Tuesday, June 24, 2014
Writing under the above heading, Mr. K.B. Asante (a man of many parts) made several observations that can be set down under such categories as “human rights”, “Ghanaian nationality”, “internal security”, “foreign intelligence”, “counter-intelligence”, “personal security”, “diplomacy”, and “sovereignty”. There could be others too. (Please, refer to: Mr. Asante’s opinion piece under the title “Is Ghana becoming a Banana republic?”: http://www.myjoyonline.com/world/2014/June-24th/is-ghana-becoming-a-banana-republic.php)
A careful reading of his opinion piece establishes Mr. Asante as very much alarmed at the treatment given to one employee of the Daily Graphic newspaper, cameraman Addai, who was caught up in some fracas of sorts verging on “personal security” at the Movenpick Ambassador Hotel to cover a ceremony involving the visiting Israeli Foreign Minister.
Mr. Asante’s observation on this score suggests that he is unhappy at the treatment given Mr. Addai, apparently because he had already had the accreditation to be where he was and to do what he was accredited to do as a cameraman. So, what went wrong for him to be “manhandled”?
Without any further ado, Mr. Asante seemed to have found the answer: “I wondered what the Graphic cameraman was doing in Israel. To my surprise ‘the arrest’ was in Ghana! What! I exclaimed. ‘Foreign Police depriving us of our little sanctuary in Ghana?’ Is Ghana really an independent sovereign nation? I was surprised that the management of the Graphic did not angrily protest at the incident. They rather allowed their own cameraman Addai to ‘spend close to four hours at the police station for questioning’ following the ‘arrest’ by a foreign agent!” He didn’t hide his displeasure at the failure of the Graphic management to protest at what happened to cameraman Addai.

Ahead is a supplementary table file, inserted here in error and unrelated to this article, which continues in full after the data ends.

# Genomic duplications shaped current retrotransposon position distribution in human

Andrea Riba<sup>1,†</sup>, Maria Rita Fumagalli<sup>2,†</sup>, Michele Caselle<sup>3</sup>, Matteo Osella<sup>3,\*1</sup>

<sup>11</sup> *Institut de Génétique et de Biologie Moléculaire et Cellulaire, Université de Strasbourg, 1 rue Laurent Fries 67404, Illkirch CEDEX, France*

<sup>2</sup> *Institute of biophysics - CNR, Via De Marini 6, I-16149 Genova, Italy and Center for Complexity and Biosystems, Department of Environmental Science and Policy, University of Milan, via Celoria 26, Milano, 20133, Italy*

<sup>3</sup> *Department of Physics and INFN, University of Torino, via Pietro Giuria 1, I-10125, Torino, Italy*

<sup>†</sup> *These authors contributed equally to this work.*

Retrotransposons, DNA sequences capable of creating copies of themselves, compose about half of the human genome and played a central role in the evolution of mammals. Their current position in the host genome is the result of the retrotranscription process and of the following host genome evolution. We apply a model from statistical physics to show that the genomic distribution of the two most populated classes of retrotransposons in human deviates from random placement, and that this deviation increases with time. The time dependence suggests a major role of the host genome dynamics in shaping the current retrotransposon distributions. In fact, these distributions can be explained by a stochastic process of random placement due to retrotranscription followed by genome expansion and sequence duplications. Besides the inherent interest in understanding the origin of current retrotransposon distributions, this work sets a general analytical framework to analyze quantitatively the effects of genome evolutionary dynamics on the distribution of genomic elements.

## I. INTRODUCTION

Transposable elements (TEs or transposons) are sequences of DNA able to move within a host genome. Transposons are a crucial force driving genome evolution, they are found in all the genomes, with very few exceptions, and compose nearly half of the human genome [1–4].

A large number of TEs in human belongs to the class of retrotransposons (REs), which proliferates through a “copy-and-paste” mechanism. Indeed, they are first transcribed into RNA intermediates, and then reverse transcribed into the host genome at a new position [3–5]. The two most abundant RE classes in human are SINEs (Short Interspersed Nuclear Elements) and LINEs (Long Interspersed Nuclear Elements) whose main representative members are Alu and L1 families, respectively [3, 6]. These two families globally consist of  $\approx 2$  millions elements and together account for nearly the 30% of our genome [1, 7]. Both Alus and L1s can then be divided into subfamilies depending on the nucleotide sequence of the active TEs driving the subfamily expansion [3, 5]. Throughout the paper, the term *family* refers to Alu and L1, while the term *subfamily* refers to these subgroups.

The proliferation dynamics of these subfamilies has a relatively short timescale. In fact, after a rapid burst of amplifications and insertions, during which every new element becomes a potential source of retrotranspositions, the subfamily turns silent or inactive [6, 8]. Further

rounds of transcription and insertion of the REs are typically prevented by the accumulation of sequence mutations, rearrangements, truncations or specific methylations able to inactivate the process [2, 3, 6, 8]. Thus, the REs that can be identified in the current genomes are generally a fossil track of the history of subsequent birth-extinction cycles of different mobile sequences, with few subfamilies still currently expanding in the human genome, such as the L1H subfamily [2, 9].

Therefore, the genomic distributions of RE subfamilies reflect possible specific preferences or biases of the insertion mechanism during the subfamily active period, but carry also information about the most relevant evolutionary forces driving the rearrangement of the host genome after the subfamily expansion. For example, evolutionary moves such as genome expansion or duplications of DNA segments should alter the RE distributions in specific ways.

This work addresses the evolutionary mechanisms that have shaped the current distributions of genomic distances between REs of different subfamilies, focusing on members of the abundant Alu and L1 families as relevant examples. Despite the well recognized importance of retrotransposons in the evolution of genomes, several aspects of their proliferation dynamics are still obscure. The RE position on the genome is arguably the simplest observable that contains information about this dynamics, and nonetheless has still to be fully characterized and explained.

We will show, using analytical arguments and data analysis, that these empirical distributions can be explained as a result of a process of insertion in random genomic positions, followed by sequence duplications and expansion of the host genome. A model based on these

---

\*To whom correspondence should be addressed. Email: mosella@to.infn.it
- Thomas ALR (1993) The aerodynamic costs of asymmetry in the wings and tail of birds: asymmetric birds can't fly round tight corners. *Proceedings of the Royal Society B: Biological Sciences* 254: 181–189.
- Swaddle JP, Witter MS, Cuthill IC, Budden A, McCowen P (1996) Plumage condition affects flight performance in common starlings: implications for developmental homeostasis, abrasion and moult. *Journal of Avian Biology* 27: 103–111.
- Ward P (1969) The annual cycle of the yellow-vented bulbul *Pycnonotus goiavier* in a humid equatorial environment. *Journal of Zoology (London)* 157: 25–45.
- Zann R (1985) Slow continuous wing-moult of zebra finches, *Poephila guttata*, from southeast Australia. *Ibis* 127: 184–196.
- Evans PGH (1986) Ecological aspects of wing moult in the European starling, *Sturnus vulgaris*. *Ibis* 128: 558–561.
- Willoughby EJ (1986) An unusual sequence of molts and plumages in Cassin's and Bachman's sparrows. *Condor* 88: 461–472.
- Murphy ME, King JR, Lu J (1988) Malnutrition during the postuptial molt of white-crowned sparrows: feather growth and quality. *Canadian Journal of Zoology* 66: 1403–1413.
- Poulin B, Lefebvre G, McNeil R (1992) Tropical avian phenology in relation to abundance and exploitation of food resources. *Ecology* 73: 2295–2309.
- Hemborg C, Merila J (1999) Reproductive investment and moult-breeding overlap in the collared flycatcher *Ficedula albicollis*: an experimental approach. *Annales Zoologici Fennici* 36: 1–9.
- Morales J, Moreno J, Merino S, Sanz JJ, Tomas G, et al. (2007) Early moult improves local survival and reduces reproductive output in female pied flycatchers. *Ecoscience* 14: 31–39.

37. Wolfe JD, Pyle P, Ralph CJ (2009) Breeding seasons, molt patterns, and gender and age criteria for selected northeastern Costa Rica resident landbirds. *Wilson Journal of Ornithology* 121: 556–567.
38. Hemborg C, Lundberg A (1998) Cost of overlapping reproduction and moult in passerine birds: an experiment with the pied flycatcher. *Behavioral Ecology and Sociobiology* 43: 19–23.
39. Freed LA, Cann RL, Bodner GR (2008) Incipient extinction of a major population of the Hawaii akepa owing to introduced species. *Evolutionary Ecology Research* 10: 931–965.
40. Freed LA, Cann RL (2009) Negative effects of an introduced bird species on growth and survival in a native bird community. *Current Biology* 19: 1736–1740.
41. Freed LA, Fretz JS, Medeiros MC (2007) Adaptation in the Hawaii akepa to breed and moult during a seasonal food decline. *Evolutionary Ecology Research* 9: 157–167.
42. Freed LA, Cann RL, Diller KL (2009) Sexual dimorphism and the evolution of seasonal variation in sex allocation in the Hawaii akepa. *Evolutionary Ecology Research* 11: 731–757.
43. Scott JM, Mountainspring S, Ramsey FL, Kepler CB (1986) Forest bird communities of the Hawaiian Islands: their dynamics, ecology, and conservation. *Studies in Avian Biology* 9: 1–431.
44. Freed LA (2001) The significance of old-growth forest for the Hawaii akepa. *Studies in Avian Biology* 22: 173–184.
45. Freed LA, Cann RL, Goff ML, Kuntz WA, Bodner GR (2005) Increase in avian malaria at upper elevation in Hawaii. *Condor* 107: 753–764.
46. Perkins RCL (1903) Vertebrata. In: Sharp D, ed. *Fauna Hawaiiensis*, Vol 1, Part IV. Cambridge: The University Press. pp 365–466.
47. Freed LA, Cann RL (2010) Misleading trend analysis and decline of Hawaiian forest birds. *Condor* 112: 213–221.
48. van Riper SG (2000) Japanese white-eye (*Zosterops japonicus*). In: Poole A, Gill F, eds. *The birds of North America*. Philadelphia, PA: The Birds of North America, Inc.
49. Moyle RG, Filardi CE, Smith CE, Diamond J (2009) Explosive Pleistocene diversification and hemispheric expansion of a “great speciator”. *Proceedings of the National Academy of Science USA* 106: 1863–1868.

Mr. Asante then passed the buck to the management of the Graphic Corporation, saying that they should have insisted in their protest that the Ghana security service is responsible for the safety of even VIP foreign visitors.
Really? To a point, it may seem so to Mr. Asante; but in reality, the tenets guiding the provision of personal security to dignitaries (especially from a country such as Israel) in contemporary times isn’t so. Will Mr. Asante revise his notes on the history behind Israel’s presence in Africa and come out with a better understanding as to why the Israelis would want to take responsibility for protecting their own in this case in Ghana?
When Israel became the anathema for African countries at the height of its conflict with Palestine and the Arab world (especially after its successful routing of the combined force of the Arab world in the three-day war in 1967), the ex-Organization of African Unity resolutely took an antagonistic position and broke ties with Israel. They constructed Israel as a bitter enemy to be repudiated and consigned to perpetual damnation. That was why they en bloc broke diplomatic relations with Israel and sided with the Arab cause.
No need to recount any historical intricacy of this bad-blood relationship but suffice it to say that Israel has survived and done enough to prove that it is not the anathema that it has been painted all these years. That is why in our time, many African countries are eating the humble pie and renew ties with Israel. After all, they know that Israel has a lot to offer them; and the earlier they swallow their foolish pride to benefit from it, the better chances are that they will be supported to solve problems of underdevelopment (especially in sec tors that Israel has expertise in).